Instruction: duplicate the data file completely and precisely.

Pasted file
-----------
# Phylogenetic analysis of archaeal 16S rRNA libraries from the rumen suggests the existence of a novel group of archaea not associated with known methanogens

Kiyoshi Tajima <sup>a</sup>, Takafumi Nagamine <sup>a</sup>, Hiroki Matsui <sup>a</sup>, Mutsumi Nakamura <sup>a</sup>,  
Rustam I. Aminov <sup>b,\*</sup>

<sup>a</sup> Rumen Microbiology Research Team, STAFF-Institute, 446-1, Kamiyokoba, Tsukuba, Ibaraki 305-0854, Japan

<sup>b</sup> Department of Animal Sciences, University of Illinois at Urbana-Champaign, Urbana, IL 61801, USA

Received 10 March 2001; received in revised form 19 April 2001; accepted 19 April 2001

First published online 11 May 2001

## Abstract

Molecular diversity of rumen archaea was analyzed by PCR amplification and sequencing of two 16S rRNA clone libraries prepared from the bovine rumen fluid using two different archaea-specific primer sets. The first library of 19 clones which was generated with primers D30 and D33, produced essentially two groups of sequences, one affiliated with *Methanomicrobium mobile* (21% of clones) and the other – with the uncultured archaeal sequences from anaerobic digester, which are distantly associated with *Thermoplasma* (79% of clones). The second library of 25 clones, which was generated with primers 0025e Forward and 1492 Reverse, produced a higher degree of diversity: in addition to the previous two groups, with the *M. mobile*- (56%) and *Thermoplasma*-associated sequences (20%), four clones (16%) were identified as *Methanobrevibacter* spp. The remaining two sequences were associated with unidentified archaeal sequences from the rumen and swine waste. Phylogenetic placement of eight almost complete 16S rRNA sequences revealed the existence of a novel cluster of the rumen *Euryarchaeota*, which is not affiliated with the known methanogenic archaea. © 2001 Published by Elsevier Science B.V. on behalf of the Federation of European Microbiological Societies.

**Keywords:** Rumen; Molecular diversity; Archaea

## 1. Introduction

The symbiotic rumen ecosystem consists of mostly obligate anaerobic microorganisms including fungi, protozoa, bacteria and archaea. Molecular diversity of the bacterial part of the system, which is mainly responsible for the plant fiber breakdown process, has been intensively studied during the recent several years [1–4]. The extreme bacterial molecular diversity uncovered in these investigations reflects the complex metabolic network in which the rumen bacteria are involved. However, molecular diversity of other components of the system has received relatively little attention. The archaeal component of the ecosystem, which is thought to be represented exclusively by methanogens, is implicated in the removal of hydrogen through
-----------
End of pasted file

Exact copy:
# Phylogenetic analysis of archaeal 16S rRNA libraries from the rumen suggests the existence of a novel group of archaea not associated with known methanogens

Kiyoshi Tajima <sup>a</sup>, Takafumi Nagamine <sup>a</sup>, Hiroki Matsui <sup>a</sup>, Mutsumi Nakamura <sup>a</sup>,  
Rustam I. Aminov <sup>b,\*</sup>

<sup>a</sup> Rumen Microbiology Research Team, STAFF-Institute, 446-1, Kamiyokoba, Tsukuba, Ibaraki 305-0854, Japan

<sup>b</sup> Department of Animal Sciences, University of Illinois at Urbana-Champaign, Urbana, IL 61801, USA

Received 10 March 2001; received in revised form 19 April 2001; accepted 19 April 2001

First published online 11 May 2001

## Abstract

Molecular diversity of rumen archaea was analyzed by PCR amplification and sequencing of two 16S rRNA clone libraries prepared from the bovine rumen fluid using two different archaea-specific primer sets. The first library of 19 clones which was generated with primers D30 and D33, produced essentially two groups of sequences, one affiliated with *Methanomicrobium mobile* (21% of clones) and the other – with the uncultured archaeal sequences from anaerobic digester, which are distantly associated with *Thermoplasma* (79% of clones). The second library of 25 clones, which was generated with primers 0025e Forward and 1492 Reverse, produced a higher degree of diversity: in addition to the previous two groups, with the *M. mobile*- (56%) and *Thermoplasma*-associated sequences (20%), four clones (16%) were identified as *Methanobrevibacter* spp. The remaining two sequences were associated with unidentified archaeal sequences from the rumen and swine waste. Phylogenetic placement of eight almost complete 16S rRNA sequences revealed the existence of a novel cluster of the rumen *Euryarchaeota*, which is not affiliated with the known methanogenic archaea. © 2001 Published by Elsevier Science B.V. on behalf of the Federation of European Microbiological Societies.

**Keywords:** Rumen; Molecular diversity; Archaea

## 1. Introduction

The symbiotic rumen ecosystem consists of mostly obligate anaerobic microorganisms including fungi, protozoa, bacteria and archaea. Molecular diversity of the bacterial part of the system, which is mainly responsible for the plant fiber breakdown process, has been intensively studied during the recent several years [1–4]. The extreme bacterial molecular diversity uncovered in these investigations reflects the complex metabolic network in which the rumen bacteria are involved. However, molecular diversity of other components of the system has received relatively little attention. The archaeal component of the ecosystem, which is thought to be represented exclusively by methanogens, is implicated in the removal of hydrogen through